The term 'ad blocking' may have become white noise to some, but to others, its a conundrum that must be solved. What if the real culprit of ad blocking adoption wasn't the ad format itself, but something much less obvious? Following the release of their recent study, ExchangeWire speak with Diane Vickroy (pictured below), business development manager, Secret Media, about how user experience is affected by much more than just the ad format.
Today, the advertising industry is confronted with trying to find an explication for the alarming rise in the use of ad blocking technologies. Ad format has surfaced as the easiest culprit… but not necessarily the right one.
The format-centric approach is used by leading ad-block solution, Adblock Plus, that claims to want to “rid the world of obnoxious ads” by instating a program that dictates which ads are acceptable, according to their own provided guidelines.
Format-centric thinking has also driven the invention of new formats, like native advertising, which claim to camouflage within content; but which are, nonetheless, ads and, therefore, are also affected by ad blocking.
By putting ad formats at the centre of the discussion, Adblock Plus and others are not putting users at the centre. The focus needs to be on how advertising impacts the user experience in a real context, i.e. on the websites that users visit.
The real question is how to balance ad pressure versus user experience across the internet.
We sought out to study and measure the ad experience from a user perspective. If you take a holistic look at how ads arrive on pages today, the format of an ad is just the visible element to the ad experience. Take the same brand ad and change the dimensions and you have yourself a different format.
The invisible element to advertising is the systems and technologies that load, track, and measure every online click and ad view.
There is an entire supply chain behind getting any kind of ad format onto a page and, by placing all of the blame on the size or format of an ad, we let this supply chain off the hook.
We selected three geographies for our study: the United States, France and Germany. These countries were chosen because they have some of the highest proportions of ad block users in the world (22%, 35%, and 45%, respectively).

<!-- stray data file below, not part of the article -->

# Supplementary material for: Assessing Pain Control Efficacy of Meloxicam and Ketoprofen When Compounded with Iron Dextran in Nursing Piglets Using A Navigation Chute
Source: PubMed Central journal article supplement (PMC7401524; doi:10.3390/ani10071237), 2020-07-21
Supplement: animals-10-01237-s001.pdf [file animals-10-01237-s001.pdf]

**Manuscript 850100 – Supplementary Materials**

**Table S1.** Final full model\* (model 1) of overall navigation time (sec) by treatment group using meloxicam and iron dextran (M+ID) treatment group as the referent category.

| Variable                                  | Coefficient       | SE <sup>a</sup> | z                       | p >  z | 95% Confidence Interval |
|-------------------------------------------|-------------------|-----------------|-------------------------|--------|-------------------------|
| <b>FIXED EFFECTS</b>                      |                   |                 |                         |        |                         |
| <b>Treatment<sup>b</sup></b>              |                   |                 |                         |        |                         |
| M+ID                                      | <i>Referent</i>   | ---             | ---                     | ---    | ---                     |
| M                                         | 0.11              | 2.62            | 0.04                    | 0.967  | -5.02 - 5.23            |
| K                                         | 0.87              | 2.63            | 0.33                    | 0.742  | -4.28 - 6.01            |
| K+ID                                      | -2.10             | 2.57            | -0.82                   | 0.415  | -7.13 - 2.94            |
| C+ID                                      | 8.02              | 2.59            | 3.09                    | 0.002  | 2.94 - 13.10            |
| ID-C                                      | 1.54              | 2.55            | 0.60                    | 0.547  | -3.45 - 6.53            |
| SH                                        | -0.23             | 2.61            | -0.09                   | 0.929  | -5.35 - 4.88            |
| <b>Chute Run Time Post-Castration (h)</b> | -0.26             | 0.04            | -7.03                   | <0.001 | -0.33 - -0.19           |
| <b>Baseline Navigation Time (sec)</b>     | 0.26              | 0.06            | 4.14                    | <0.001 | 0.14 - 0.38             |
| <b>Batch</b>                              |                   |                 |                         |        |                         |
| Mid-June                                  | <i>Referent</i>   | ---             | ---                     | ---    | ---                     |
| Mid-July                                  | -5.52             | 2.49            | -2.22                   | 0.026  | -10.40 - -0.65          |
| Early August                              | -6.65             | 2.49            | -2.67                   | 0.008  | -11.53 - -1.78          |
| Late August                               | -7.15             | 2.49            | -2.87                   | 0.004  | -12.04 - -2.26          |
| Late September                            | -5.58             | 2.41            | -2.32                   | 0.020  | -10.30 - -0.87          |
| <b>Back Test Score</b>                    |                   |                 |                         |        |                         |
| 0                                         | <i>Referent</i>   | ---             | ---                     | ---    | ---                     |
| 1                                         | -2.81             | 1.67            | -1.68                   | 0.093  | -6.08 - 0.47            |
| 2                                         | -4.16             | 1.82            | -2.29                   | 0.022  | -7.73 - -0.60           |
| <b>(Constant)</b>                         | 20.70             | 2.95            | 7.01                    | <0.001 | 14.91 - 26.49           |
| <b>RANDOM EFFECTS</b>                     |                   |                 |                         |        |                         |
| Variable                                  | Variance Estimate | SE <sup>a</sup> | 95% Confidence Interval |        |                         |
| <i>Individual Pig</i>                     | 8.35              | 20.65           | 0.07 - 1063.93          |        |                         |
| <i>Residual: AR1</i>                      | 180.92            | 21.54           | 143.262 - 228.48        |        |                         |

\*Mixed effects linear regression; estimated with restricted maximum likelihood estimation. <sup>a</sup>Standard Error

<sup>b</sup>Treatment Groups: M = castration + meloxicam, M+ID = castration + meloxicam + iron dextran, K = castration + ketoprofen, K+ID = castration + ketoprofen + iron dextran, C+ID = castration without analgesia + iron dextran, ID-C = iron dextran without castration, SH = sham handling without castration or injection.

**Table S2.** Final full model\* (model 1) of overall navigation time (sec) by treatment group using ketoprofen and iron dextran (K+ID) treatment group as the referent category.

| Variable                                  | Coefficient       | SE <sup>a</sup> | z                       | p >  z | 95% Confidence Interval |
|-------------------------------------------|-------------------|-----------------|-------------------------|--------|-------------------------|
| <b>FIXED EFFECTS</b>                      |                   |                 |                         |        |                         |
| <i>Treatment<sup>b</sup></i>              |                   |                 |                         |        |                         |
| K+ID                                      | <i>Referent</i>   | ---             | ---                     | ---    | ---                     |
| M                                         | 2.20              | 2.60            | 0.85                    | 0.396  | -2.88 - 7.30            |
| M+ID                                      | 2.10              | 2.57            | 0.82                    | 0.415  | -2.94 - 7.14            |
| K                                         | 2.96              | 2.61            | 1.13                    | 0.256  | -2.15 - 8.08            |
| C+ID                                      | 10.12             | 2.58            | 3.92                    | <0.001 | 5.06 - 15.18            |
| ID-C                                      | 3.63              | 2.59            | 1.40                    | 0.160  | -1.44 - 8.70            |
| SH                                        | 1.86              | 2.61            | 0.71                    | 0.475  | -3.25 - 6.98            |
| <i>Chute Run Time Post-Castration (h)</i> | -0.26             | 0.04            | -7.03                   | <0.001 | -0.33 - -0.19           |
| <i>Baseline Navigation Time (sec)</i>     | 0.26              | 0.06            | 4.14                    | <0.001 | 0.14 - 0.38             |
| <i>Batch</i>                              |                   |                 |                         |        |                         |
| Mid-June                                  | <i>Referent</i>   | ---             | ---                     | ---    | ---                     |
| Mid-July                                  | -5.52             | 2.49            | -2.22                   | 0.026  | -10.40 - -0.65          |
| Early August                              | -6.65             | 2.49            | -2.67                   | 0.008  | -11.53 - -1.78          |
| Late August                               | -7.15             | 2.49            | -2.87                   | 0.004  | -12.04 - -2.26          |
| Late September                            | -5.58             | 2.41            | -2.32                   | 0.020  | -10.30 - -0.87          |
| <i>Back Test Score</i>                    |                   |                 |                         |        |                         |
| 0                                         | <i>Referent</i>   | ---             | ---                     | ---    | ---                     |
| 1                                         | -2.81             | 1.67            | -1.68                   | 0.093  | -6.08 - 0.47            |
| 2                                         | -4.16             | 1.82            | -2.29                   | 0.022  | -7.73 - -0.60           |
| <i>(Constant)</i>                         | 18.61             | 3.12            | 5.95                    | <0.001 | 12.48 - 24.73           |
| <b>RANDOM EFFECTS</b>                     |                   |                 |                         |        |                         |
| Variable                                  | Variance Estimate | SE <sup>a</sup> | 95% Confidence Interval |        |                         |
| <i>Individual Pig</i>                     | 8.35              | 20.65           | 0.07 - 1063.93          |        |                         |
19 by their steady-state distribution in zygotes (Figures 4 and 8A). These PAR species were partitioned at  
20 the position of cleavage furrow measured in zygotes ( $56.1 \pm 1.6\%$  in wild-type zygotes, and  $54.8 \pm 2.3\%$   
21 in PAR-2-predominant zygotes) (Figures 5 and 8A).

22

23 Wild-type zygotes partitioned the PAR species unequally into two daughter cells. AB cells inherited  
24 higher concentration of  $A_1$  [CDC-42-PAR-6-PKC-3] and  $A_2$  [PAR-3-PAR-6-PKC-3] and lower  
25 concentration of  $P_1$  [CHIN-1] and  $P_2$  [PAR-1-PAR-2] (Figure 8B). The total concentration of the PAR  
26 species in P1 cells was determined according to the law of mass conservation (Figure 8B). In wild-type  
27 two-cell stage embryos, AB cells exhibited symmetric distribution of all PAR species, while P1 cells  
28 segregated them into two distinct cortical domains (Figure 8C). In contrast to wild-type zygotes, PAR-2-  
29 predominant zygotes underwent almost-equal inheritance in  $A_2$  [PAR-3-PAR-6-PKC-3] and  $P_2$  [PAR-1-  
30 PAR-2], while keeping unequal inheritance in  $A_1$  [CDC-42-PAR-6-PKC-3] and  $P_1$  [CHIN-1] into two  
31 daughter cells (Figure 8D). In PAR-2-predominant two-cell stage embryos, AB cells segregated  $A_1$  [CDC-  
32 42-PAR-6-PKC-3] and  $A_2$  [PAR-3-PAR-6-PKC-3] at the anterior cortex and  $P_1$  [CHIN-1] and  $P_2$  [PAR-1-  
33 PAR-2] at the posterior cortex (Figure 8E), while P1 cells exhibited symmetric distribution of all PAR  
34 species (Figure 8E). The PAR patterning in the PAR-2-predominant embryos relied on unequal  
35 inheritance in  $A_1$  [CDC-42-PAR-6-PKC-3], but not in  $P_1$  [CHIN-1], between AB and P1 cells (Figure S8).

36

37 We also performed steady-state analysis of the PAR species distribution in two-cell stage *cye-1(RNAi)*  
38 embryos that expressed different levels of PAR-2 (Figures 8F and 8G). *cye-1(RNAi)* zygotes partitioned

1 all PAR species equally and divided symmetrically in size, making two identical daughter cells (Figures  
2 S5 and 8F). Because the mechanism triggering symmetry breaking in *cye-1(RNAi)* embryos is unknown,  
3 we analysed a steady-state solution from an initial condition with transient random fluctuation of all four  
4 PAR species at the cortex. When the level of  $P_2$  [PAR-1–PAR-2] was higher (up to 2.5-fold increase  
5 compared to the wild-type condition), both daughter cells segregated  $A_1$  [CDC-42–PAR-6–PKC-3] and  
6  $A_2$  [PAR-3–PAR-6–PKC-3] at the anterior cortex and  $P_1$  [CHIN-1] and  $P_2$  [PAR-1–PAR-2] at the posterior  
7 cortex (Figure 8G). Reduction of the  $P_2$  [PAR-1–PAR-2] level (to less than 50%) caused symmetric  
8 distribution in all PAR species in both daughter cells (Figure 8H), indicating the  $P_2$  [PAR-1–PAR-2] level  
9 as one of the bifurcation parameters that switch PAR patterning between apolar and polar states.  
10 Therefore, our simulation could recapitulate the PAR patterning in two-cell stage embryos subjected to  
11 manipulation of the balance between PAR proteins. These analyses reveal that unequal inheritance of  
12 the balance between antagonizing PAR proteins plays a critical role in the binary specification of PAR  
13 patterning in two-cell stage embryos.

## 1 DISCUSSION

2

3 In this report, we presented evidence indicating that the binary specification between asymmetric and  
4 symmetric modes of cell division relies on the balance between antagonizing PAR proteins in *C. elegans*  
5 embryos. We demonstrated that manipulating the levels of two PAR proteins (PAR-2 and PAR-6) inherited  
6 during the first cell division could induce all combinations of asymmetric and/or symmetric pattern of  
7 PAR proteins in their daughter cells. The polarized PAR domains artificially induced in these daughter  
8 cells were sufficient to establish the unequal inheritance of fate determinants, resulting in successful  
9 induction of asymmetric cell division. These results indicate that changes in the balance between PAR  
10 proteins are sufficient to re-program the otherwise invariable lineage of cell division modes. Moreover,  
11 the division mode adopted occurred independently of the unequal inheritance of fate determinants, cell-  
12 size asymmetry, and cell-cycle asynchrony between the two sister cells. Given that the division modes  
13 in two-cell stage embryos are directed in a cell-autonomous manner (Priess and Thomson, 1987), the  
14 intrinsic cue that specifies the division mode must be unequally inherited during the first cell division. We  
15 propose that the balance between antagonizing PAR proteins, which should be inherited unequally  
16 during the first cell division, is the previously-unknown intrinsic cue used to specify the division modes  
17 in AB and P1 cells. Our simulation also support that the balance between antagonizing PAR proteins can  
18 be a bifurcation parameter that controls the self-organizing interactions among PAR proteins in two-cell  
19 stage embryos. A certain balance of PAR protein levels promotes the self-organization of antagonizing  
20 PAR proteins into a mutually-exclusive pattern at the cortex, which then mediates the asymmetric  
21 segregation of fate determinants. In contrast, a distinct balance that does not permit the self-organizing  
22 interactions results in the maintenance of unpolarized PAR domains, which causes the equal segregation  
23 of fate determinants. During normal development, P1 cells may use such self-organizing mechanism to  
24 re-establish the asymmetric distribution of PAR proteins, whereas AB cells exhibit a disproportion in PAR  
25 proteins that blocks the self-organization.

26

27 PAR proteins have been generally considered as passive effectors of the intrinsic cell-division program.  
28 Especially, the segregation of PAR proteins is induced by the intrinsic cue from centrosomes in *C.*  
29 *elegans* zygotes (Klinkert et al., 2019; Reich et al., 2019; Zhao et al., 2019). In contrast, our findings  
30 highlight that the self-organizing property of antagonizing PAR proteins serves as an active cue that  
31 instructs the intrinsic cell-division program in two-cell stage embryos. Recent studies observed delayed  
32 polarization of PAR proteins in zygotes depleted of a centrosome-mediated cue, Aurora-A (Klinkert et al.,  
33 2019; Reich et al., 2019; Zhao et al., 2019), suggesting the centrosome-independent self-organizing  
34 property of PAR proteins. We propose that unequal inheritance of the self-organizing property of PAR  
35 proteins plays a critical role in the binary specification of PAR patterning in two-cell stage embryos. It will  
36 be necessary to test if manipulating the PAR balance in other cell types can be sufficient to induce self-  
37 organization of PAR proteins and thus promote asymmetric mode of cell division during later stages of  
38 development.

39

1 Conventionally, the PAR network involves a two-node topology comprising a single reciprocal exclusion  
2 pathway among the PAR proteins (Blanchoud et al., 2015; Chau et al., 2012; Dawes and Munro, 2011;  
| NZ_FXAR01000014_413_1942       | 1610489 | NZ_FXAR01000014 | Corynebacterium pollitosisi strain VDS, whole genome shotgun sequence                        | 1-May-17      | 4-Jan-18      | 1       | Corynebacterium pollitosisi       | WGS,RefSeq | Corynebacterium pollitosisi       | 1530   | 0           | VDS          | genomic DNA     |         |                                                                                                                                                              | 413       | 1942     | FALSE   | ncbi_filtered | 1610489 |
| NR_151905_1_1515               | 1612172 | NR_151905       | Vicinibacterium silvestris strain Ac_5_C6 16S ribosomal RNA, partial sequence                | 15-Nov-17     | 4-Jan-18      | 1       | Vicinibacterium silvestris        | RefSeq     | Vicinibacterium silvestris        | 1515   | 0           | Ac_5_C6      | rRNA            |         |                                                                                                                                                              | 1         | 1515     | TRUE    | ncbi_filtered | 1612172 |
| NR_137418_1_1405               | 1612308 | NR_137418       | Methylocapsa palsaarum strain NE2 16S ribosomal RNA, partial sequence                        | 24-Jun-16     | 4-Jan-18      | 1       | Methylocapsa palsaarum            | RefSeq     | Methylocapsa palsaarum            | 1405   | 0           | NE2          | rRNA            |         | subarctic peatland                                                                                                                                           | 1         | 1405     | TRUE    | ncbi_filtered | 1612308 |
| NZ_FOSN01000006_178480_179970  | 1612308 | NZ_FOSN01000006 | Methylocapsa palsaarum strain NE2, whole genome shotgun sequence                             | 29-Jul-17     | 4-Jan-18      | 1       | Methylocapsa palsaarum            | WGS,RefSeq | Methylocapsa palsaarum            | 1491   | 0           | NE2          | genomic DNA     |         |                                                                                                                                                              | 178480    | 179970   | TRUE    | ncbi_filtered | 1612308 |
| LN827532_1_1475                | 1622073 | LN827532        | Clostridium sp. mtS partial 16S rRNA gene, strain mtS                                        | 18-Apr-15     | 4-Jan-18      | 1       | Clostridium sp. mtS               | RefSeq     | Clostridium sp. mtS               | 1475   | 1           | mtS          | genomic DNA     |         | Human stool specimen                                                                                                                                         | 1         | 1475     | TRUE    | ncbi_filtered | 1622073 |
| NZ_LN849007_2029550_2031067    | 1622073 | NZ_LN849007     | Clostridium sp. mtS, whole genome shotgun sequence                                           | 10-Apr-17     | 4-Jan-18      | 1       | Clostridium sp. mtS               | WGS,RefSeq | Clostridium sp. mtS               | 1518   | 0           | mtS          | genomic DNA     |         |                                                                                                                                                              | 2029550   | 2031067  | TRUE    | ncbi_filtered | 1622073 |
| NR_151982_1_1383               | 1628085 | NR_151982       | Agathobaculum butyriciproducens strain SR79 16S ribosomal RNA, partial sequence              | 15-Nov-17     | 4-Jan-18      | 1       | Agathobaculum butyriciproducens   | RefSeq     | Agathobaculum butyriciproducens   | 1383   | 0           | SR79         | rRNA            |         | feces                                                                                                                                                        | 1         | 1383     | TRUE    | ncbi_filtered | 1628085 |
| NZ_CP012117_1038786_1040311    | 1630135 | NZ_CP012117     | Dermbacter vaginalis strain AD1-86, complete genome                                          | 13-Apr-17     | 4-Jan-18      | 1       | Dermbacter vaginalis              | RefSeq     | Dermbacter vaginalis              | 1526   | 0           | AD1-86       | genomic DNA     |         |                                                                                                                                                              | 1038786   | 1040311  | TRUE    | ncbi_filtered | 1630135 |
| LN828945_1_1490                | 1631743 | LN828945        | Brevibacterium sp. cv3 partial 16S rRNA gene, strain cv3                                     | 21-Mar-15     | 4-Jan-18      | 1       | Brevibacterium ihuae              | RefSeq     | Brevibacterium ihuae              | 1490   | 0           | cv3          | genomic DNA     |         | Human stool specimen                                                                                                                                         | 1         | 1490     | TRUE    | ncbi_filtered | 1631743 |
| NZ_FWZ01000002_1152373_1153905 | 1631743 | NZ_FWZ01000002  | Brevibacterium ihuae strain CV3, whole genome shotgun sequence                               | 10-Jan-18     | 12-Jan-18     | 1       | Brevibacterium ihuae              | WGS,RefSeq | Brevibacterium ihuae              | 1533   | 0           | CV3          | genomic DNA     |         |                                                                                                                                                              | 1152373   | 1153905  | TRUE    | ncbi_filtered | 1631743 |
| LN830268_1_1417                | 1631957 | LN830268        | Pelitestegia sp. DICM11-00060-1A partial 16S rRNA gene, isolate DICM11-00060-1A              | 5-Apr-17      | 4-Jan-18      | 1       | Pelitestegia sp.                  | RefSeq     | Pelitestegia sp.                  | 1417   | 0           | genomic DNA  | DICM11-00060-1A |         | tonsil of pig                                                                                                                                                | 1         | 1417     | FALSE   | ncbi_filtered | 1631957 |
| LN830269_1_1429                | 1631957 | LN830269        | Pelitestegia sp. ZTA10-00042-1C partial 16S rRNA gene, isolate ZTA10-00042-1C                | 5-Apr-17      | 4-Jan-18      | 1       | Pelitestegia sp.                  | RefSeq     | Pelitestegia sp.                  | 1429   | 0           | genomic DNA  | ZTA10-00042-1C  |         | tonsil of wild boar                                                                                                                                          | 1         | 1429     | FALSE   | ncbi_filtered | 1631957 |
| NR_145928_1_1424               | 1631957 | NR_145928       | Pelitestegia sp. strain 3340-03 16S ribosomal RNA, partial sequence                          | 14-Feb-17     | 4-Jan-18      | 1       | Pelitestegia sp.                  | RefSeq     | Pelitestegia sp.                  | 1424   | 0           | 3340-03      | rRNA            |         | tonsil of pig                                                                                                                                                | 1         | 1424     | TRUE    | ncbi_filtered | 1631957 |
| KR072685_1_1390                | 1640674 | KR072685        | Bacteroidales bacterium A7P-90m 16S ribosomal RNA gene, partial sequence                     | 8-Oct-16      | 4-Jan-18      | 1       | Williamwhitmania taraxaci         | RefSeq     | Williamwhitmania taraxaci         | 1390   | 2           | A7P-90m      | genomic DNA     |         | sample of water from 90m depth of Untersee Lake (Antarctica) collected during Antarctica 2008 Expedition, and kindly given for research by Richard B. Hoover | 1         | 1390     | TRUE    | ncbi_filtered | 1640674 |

In order to understand how much advertising was affecting user experience across the web, we selected the top 25 media companies in each geography based on audience size.
For each media website, we focused on five measurements:
- The total load time of the page
- The bandwidth required to load the page
- The number of URL calls
- The number of third parties called
- The graphical/physical space taken up by ads
We collected each measurement multiple times for each website: half of the time with an ad blocker enabled and half of the time without. All cookies, cache, and browsing history was deleted between measurements in order to avoid bias from cached cookie/session data.
The difference, or delta, between the non-ad-blocked measurements and ad-blocked measurements allowed us to identify what part of the load time, of the URL requests, and of the bandwidth was directly due to ads.
In order to calculate measurement #5, we calculated the percentage of each webpage taken up by ads and then combined the data of all 25 websites in order to have one final average per country.
We found that, while the number of ads on a page or the amount of the space taken up by ads was relatively low, ads took up the majority of page load, bandwidth, and URL requests.
In the United States, only 9% of the visual space of a page is taken up by ads, but over 50% of the bandwidth is consumed by ad technologies.
On average, 53 third-parties were involved behind the scenes of a page, syncing data, cookies, and trackers.
We titled our report, 'Ads Overtook Content' because that is exactly what our collected data reflected. Users come to publisher sites to consume content and over half of their experience is advertising.
The conclusion we draw is not that advertising should be abandoned; but, rather, that publishers should seek out tools that allow them to control the third parties that have a large impact on their users’ experience.